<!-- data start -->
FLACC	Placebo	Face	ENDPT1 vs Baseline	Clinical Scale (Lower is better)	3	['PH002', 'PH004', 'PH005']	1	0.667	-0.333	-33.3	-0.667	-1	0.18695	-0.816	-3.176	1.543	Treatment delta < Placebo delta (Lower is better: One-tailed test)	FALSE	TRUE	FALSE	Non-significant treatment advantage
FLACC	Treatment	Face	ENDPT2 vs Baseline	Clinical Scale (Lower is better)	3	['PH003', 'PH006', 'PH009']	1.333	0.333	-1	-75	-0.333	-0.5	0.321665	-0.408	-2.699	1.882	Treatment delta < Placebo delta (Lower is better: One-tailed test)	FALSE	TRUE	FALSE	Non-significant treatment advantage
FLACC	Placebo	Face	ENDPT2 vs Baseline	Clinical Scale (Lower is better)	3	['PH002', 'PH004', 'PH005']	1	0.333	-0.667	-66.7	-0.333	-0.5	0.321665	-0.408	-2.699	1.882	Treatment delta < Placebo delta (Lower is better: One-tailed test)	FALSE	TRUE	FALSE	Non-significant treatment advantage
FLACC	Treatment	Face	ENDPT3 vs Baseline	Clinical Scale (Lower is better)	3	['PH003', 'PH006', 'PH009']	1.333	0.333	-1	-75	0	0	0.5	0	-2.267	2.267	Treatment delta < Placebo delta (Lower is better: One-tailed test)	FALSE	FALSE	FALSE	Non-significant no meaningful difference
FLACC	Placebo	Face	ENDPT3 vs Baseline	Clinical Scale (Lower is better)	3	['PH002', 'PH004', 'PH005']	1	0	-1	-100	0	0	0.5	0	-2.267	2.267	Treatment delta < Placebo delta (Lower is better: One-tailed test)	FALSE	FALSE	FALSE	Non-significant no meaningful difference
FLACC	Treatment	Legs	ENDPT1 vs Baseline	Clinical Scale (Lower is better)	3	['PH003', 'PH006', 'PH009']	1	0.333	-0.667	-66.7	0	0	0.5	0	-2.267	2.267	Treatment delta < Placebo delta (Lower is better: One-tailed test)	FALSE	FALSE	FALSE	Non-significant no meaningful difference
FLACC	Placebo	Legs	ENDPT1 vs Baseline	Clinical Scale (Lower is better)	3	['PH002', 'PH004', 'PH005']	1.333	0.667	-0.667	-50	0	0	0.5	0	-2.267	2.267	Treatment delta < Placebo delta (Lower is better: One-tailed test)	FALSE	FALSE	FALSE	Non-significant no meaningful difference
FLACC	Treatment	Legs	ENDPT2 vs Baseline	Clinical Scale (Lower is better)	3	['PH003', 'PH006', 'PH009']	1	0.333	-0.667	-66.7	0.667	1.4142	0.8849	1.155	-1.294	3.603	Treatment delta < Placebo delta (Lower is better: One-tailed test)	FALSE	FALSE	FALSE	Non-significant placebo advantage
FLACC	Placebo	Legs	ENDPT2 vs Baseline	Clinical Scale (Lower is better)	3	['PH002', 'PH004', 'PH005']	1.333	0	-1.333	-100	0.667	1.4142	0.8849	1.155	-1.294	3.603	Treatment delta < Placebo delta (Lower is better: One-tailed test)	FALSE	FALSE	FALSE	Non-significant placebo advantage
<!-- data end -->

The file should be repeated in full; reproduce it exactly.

FLACC	Placebo	Face	ENDPT1 vs Baseline	Clinical Scale (Lower is better)	3	['PH002', 'PH004', 'PH005']	1	0.667	-0.333	-33.3	-0.667	-1	0.18695	-0.816	-3.176	1.543	Treatment delta < Placebo delta (Lower is better: One-tailed test)	FALSE	TRUE	FALSE	Non-significant treatment advantage
FLACC	Treatment	Face	ENDPT2 vs Baseline	Clinical Scale (Lower is better)	3	['PH003', 'PH006', 'PH009']	1.333	0.333	-1	-75	-0.333	-0.5	0.321665	-0.408	-2.699	1.882	Treatment delta < Placebo delta (Lower is better: One-tailed test)	FALSE	TRUE	FALSE	Non-significant treatment advantage
FLACC	Placebo	Face	ENDPT2 vs Baseline	Clinical Scale (Lower is better)	3	['PH002', 'PH004', 'PH005']	1	0.333	-0.667	-66.7	-0.333	-0.5	0.321665	-0.408	-2.699	1.882	Treatment delta < Placebo delta (Lower is better: One-tailed test)	FALSE	TRUE	FALSE	Non-significant treatment advantage
FLACC	Treatment	Face	ENDPT3 vs Baseline	Clinical Scale (Lower is better)	3	['PH003', 'PH006', 'PH009']	1.333	0.333	-1	-75	0	0	0.5	0	-2.267	2.267	Treatment delta < Placebo delta (Lower is better: One-tailed test)	FALSE	FALSE	FALSE	Non-significant no meaningful difference
FLACC	Placebo	Face	ENDPT3 vs Baseline	Clinical Scale (Lower is better)	3	['PH002', 'PH004', 'PH005']	1	0	-1	-100	0	0	0.5	0	-2.267	2.267	Treatment delta < Placebo delta (Lower is better: One-tailed test)	FALSE	FALSE	FALSE	Non-significant no meaningful difference
FLACC	Treatment	Legs	ENDPT1 vs Baseline	Clinical Scale (Lower is better)	3	['PH003', 'PH006', 'PH009']	1	0.333	-0.667	-66.7	0	0	0.5	0	-2.267	2.267	Treatment delta < Placebo delta (Lower is better: One-tailed test)	FALSE	FALSE	FALSE	Non-significant no meaningful difference
FLACC	Placebo	Legs	ENDPT1 vs Baseline	Clinical Scale (Lower is better)	3	['PH002', 'PH004', 'PH005']	1.333	0.667	-0.667	-50	0	0	0.5	0	-2.267	2.267	Treatment delta < Placebo delta (Lower is better: One-tailed test)	FALSE	FALSE	FALSE	Non-significant no meaningful difference
FLACC	Treatment	Legs	ENDPT2 vs Baseline	Clinical Scale (Lower is better)	3	['PH003', 'PH006', 'PH009']	1	0.333	-0.667	-66.7	0.667	1.4142	0.8849	1.155	-1.294	3.603	Treatment delta < Placebo delta (Lower is better: One-tailed test)	FALSE	FALSE	FALSE	Non-significant placebo advantage
FLACC	Placebo	Legs	ENDPT2 vs Baseline	Clinical Scale (Lower is better)	3	['PH002', 'PH004', 'PH005']	1.333	0	-1.333	-100	0.667	1.4142	0.8849	1.155	-1.294	3.603	Treatment delta < Placebo delta (Lower is better: One-tailed test)	FALSE	FALSE	FALSE	Non-significant placebo advantage